SQL Server 2016 offers Row Level Security, which sounds awfully cool. It’s apparently been available in Azure for a while, but the on-prem version is getting it, now.
Okay, so: row level security (or RLS as the MSDN article so groovily puts it). What’s that, then? In short, it’s a method of securing the rows in a table such users only get to see the data they’re entitled to. More officially:
Row-Level Security enables customers to control access to rows in a database table based on the characteristics of the user executing a query (e.g., group membership or execution context).
I’ve needed this exact thing in multiple shops over the decades, and of course you end up either trying to control access on the front end, or doing some rather fancy (and hard to maintain and scale) footwork on the back end, or – most often – just keeping different databases for different groups of users. Oh yes, it’s just as fun as it sounds.
Now though, we can just create a table valued function – this holds the logic of who gets to see what, and why – and create a security policy on the table, using that function as a filter predicate. To control who gets to insert what data, create another TVF and use that as a block predicate. (No, Company2, you can’t insert data for Company10. Get real.)
Check out the code examples on MSDN for a nice few scenarios.
Where it helps in real life
This really is great. This means that the one client* – call them Client X – that keeps 100 separate databases for each of their clients, can now keep just the one database for all of them, if they so choose. Right now, Client X has a ton of common data – product lists and so forth – in a common database, and individual client data – like sales info – in the individual DBs. What they’ve ended up with is a system of cross-database queries (to combine individual data with common data), cross-database aggregate views (that they have to update each time they add a new client/DB!), and just a big old mess.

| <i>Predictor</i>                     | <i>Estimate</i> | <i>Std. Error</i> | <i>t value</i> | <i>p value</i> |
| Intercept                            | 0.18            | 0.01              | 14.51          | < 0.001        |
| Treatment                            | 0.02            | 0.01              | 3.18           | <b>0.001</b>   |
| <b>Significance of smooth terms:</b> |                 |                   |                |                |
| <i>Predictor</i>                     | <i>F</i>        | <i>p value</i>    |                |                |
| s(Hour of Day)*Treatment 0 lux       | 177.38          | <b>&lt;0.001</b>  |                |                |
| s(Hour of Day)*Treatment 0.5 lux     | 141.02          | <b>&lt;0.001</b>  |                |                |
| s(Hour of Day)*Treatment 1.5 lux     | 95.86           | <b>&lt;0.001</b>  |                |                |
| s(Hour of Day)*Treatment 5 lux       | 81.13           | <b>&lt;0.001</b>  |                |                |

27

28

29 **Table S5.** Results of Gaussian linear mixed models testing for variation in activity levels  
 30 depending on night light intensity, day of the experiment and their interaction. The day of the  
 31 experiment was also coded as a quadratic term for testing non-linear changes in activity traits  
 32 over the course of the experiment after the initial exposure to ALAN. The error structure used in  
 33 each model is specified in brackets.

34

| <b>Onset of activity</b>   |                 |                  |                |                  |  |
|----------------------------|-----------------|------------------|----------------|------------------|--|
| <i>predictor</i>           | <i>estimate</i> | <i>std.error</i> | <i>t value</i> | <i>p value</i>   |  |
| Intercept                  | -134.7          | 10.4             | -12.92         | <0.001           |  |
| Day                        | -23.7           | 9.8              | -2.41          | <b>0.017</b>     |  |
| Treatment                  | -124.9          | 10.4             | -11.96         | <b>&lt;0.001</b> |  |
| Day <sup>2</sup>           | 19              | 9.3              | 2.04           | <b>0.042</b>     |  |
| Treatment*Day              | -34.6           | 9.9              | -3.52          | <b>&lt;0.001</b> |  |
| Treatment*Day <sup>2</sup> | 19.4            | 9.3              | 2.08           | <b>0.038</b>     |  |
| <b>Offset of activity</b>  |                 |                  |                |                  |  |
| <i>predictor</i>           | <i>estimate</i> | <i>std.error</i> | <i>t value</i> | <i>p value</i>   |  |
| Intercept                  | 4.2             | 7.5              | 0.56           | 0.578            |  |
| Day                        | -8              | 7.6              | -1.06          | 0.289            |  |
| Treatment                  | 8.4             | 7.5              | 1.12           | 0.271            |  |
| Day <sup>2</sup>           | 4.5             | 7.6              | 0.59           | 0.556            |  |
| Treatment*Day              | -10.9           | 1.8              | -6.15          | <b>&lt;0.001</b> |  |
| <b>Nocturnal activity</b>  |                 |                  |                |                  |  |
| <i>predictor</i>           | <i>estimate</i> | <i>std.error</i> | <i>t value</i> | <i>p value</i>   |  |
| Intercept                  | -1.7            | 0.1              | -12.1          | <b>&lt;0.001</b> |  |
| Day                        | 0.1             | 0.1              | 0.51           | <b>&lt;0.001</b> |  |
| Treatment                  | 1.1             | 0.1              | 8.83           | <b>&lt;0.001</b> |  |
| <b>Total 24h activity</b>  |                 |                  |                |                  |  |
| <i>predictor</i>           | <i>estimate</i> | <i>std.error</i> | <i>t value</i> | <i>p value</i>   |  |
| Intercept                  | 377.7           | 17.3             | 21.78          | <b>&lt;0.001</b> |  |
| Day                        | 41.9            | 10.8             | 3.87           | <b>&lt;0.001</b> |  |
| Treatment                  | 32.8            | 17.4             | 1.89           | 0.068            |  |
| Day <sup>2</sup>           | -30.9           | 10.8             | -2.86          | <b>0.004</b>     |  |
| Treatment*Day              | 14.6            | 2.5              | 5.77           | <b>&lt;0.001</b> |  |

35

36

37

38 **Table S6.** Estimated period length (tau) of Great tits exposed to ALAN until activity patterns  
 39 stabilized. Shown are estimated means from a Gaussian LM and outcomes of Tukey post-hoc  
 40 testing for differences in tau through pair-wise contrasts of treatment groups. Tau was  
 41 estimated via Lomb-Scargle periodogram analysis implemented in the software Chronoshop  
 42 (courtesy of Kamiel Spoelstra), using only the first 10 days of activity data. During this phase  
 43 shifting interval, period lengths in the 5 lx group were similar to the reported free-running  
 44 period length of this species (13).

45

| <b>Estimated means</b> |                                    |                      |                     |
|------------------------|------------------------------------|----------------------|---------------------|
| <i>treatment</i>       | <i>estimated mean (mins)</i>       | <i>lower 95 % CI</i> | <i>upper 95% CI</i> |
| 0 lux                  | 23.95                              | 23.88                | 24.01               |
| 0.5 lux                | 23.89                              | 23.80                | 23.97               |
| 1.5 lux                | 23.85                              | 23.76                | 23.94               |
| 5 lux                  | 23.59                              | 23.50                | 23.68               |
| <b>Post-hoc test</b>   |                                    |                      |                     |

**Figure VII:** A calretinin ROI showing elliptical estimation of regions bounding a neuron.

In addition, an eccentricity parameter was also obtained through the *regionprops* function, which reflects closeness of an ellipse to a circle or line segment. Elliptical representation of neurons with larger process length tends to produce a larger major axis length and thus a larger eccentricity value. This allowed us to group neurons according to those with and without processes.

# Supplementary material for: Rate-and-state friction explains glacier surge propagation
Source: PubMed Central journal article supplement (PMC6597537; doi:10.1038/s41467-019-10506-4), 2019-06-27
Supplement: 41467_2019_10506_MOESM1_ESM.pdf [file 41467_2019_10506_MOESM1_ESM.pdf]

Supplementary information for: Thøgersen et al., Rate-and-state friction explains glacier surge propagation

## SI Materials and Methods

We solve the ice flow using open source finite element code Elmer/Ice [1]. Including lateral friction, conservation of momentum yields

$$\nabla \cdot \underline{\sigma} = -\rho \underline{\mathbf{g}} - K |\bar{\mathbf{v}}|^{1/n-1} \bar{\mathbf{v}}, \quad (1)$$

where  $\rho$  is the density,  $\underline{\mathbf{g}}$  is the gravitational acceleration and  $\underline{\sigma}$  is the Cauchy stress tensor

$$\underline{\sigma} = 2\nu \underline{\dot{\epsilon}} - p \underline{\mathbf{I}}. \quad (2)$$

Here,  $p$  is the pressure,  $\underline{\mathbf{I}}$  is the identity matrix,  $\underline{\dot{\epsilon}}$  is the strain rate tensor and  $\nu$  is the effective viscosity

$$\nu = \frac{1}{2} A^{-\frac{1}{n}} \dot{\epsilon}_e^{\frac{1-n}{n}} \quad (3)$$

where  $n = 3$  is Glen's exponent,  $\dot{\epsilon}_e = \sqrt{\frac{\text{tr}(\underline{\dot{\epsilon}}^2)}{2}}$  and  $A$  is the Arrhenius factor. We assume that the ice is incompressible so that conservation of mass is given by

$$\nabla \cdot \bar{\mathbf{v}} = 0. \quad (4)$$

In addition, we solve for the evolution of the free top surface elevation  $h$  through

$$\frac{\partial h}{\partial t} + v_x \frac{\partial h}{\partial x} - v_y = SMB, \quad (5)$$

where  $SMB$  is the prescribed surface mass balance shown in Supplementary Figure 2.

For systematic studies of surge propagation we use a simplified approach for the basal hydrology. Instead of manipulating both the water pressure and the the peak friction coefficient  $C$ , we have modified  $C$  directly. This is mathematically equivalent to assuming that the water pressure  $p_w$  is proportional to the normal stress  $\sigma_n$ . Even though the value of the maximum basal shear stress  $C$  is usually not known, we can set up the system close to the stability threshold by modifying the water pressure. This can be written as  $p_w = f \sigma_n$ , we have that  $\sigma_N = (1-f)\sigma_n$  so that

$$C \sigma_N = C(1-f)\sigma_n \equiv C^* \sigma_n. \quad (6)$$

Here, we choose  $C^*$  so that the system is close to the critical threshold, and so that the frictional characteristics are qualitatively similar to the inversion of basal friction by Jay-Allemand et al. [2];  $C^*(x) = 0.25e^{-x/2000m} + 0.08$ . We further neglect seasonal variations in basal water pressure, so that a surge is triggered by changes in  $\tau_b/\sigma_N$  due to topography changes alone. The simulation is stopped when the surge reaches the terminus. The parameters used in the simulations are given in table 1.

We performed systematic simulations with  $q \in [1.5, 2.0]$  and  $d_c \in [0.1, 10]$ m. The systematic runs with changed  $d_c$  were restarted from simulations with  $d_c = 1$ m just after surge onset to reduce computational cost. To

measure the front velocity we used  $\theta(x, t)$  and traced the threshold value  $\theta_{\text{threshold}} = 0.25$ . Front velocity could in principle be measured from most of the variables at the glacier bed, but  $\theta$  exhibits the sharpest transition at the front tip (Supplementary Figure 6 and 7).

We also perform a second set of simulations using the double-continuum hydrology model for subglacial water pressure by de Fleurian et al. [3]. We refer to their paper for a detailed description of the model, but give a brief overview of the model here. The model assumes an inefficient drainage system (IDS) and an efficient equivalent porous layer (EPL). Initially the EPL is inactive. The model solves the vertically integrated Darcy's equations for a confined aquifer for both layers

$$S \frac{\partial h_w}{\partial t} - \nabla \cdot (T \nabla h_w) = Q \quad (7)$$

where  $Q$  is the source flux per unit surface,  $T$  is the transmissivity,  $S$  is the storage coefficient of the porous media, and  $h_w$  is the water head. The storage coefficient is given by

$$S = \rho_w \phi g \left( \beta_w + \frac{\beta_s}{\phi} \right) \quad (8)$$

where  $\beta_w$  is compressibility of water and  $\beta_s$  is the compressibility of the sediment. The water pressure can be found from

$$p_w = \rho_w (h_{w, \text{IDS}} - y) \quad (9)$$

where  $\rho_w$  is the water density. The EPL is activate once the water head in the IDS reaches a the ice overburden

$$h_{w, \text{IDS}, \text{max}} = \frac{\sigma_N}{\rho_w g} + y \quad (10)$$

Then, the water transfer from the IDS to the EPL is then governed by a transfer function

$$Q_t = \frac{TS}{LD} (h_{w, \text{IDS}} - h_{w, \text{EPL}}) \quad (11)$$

There are other examples, but I’ll spare you. If you’ve been in the business long enough, you’ve seen plenty of scenarios like this. But, back to the point.
When Client X upgrades to SQL Server 2016, they can combine everything into one database – one set of objects to maintain, one set of code, no cross database queries! – and implement RLS fairly easily based on their client IDs. It’ll take a bit of rework, but it’s also going to help their future development and troubleshooting efforts 1,000-fold.
*I’m combining and fictionalizing this a little – and only a little – to protect client identity, NDA, yadda yadda yadda. It’s still a valid scenario, and very close to the real life situation.
There’s a good deal more to RLS, of course. And MSDN has done pretty well at outlining the behavior, possibilities, and even some really interesting security risks. Go on, read up.
A caveat, after all of this: I tend to get really excited about new** features (well, some of them), and I don’t always see the potential downside. So I’ll be looking forward to reading commentary from some of my more skeptical fellows.
Still though, row level security looks pretty good.
**Yes I know it’s not new-new, it’s been in Azure for a while, and other DB products have it. But I’m still mostly an on-prem DBA – when I am a DBA – and 2016 will be my first chance to play around with the feature.